Adapted from a recent online discussion.

Hi Carolyn:

I’m worried that I’m stuck in a pattern — every guy I’ve dated seriously has turned out to be what you could nicely call a fixer-upper. They seem okay, but the issues don’t really come out until well after I’m invested in the relationship. I am too old (32) for wasting time — what is the best way to avoid getting into relationships with these people in the first place? How should I “tune my antennae” to spot trouble early and run?

Just outside DC

This is interesting, because when you say that “every” guy is a fixer-upper, that leaves room for interpretation. It could be that all of the men you’ve dated have been messed up, but it could also be that your idea of “turnkey” (opposite of “fixer-upper”) is unrealistic — you could have such high expectations that you regard perfectly normal guys with perfectly normal issues as messed up.

So I’m not sure I can advise you in a way that covers both possibilities completely.

You can try a treating-the-symptoms angle, and make an effort to slow down the progression of your relationships into Relationships. Keep them at the friendship stage for as long as possible, thus allowing you to know the person, good and bad, before you commit.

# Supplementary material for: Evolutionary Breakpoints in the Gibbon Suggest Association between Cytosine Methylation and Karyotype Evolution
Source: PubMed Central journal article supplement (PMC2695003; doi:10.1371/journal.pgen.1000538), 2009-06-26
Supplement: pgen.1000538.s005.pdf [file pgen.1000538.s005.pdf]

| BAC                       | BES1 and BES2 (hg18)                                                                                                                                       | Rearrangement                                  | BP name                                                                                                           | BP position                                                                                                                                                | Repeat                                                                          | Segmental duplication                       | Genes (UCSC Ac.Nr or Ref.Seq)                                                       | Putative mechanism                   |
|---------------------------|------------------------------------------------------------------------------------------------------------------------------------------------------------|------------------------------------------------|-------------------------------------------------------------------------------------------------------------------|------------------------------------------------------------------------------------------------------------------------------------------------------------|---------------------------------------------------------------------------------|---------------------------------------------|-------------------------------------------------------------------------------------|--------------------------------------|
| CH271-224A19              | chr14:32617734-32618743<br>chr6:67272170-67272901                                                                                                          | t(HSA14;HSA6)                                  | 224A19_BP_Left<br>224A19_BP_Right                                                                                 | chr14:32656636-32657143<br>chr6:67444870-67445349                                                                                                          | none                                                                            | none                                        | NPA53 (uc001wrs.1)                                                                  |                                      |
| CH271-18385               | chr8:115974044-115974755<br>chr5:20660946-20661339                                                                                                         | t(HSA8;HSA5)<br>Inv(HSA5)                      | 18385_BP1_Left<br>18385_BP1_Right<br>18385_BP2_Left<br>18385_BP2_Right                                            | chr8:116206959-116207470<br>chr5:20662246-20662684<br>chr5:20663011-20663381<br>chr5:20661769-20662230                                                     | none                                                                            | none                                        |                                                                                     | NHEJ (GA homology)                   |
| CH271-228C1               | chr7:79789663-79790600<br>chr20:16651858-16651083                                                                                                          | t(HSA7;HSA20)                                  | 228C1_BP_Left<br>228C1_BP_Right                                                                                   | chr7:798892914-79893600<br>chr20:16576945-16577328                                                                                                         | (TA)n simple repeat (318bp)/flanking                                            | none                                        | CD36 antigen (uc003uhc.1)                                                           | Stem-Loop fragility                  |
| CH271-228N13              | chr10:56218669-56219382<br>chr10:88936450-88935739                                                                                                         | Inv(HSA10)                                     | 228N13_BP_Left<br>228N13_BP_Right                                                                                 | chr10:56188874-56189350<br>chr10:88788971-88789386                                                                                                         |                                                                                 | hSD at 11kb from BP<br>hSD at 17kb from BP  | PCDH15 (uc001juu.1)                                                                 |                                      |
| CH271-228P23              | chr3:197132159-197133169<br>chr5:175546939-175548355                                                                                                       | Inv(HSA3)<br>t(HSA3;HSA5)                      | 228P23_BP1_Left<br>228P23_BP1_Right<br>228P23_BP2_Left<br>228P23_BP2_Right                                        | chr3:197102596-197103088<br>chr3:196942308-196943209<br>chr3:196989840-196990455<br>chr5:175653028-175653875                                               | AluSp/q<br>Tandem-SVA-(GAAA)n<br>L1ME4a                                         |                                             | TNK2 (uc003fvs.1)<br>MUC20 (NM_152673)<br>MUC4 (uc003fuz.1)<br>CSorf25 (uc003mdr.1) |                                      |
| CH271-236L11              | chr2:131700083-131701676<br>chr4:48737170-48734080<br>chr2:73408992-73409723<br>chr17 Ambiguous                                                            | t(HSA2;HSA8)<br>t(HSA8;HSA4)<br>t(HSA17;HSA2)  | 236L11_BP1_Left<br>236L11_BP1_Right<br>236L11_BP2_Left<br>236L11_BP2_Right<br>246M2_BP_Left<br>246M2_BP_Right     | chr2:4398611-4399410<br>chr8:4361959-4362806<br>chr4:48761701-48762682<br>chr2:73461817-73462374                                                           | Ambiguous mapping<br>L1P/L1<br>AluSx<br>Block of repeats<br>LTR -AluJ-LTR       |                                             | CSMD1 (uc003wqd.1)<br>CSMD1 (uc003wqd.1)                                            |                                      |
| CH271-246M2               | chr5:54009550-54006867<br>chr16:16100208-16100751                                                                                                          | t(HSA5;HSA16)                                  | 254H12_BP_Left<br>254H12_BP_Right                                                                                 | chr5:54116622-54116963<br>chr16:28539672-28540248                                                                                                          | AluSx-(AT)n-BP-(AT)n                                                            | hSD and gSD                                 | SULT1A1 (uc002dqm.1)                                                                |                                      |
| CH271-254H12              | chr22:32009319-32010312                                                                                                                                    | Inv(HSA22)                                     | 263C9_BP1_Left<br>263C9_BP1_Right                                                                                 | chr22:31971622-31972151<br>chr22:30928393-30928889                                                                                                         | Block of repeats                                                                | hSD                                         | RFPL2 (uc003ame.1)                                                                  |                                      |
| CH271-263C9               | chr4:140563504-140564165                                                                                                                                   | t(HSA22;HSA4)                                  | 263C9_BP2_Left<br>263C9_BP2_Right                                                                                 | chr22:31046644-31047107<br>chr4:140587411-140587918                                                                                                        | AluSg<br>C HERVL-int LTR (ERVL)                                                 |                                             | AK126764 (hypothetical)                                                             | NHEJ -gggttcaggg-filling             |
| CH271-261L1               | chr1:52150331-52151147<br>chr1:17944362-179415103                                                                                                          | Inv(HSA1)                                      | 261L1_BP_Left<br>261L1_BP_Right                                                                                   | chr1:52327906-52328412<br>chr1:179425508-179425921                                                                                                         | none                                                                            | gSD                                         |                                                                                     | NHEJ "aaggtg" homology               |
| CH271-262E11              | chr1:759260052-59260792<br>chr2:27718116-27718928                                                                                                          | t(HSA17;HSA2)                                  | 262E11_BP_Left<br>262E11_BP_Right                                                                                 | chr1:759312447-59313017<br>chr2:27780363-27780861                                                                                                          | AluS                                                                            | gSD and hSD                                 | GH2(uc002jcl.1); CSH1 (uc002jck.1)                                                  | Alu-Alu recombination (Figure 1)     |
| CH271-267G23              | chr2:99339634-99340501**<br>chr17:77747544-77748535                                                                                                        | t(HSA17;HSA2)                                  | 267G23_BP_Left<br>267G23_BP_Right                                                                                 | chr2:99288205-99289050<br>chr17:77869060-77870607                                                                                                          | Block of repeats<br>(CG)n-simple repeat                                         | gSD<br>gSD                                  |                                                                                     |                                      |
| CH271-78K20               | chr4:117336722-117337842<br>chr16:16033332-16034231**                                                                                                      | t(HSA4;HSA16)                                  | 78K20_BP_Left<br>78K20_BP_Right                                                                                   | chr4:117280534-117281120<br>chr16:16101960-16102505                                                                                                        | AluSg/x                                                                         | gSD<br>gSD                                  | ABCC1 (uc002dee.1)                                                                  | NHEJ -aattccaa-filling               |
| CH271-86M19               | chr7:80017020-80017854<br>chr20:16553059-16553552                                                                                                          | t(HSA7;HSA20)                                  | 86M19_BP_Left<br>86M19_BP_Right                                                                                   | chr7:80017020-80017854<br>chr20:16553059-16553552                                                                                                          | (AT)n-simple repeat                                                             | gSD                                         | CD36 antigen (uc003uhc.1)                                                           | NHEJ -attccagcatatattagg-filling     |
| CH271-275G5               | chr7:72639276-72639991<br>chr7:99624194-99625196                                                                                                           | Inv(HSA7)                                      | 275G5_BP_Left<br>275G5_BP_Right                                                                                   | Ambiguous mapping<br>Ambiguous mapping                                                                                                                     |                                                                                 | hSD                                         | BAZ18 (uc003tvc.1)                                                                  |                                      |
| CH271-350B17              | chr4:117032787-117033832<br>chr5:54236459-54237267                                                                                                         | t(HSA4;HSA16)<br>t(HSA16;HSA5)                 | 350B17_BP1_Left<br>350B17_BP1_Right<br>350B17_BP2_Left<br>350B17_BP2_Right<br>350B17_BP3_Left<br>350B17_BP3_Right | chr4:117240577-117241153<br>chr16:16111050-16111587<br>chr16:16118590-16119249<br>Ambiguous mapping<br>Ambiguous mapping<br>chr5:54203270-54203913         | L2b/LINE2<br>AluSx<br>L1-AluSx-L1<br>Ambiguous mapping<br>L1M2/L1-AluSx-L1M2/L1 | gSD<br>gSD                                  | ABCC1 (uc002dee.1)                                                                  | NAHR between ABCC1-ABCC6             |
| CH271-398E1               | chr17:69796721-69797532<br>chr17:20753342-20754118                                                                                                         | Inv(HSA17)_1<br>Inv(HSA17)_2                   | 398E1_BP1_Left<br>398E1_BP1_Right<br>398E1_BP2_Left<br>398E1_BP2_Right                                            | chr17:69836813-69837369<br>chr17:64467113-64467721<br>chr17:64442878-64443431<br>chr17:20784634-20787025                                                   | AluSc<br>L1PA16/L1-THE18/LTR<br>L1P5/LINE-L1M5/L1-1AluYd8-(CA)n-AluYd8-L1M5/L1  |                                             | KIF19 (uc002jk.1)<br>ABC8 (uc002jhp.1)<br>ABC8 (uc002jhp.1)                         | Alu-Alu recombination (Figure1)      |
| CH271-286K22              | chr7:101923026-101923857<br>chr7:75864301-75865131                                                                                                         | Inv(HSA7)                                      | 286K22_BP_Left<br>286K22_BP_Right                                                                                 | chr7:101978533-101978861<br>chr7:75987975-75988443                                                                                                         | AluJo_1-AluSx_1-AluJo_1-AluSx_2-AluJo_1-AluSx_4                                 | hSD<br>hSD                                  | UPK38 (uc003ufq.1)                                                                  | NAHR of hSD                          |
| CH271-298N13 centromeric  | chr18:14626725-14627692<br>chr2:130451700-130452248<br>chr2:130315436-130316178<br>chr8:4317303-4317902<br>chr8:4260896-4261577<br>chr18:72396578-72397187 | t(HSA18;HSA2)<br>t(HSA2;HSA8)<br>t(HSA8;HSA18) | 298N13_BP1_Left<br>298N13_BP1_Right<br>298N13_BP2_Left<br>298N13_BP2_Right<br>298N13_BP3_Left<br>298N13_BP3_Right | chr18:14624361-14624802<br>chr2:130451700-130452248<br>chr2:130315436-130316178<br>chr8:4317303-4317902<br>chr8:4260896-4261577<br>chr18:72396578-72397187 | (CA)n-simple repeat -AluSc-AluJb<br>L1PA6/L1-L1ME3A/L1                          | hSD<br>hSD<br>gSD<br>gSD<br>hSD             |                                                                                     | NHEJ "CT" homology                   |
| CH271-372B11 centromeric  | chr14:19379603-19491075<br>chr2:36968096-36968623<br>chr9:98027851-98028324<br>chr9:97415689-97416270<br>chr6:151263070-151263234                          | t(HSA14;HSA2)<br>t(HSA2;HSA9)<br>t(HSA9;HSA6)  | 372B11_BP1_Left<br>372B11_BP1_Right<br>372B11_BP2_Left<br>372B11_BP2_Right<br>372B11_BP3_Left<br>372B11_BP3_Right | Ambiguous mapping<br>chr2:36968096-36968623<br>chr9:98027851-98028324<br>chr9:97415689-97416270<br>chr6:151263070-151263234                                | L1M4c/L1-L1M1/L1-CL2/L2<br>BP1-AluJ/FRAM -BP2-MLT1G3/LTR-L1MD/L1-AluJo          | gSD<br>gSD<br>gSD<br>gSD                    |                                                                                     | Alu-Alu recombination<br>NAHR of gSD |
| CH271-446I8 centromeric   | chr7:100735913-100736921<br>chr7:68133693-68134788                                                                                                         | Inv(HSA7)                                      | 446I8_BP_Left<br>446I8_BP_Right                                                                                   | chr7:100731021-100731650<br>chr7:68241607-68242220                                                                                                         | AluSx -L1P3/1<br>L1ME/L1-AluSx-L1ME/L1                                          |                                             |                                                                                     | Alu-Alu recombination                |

You might also want to look around at other people in your life — friends, family, colleagues, neighbors, etc., both men and women — and try to imagine how you’d see them through the lens you use to view these guys you dated seriously. Would your parents or sibs be messed up, by these standards? Your best friend?

It can actually be a fascinating mental exercise: Have you ever set up one friend with another? Doing that forces you to look at both parties as potential romantic partners for someone, and you really see them differently that way. That awesome person who sticks by you and shares your sense of humor and makes amazing zucchini bread suddenly becomes the one with a patchy employment history and mother issues.

The point of doing this is to, in a sense, calibrate your radar. Think of these people you value highly in nonromantic roles in your life, and ask yourself which of them you’d label, objectively, as a great catch. Also think of great couples you know, and see if you’d classify each of them as “great” individually, and why. Then, see what attracted you initially to the guys you dated who turned out to be bad choices.

Are there inconsistencies in what you date and what you admire in your friends? Are the things you find attractive in men at all in conflict with the things that your steadiest friends provide? Or, are you seeking similar things, but those traits in a friend (whom you join for grins once a week) are less draining than in a boyfriend (whom you count on to provide much more)?

Both of these — slowing down and calibrating your radar — can be tackled on your own. If you’re feeling impatient, though, or if you’re struggling to make sense of your thoughts, consider enlisting a reputable therapist who is open to ideas and really likes to dig.

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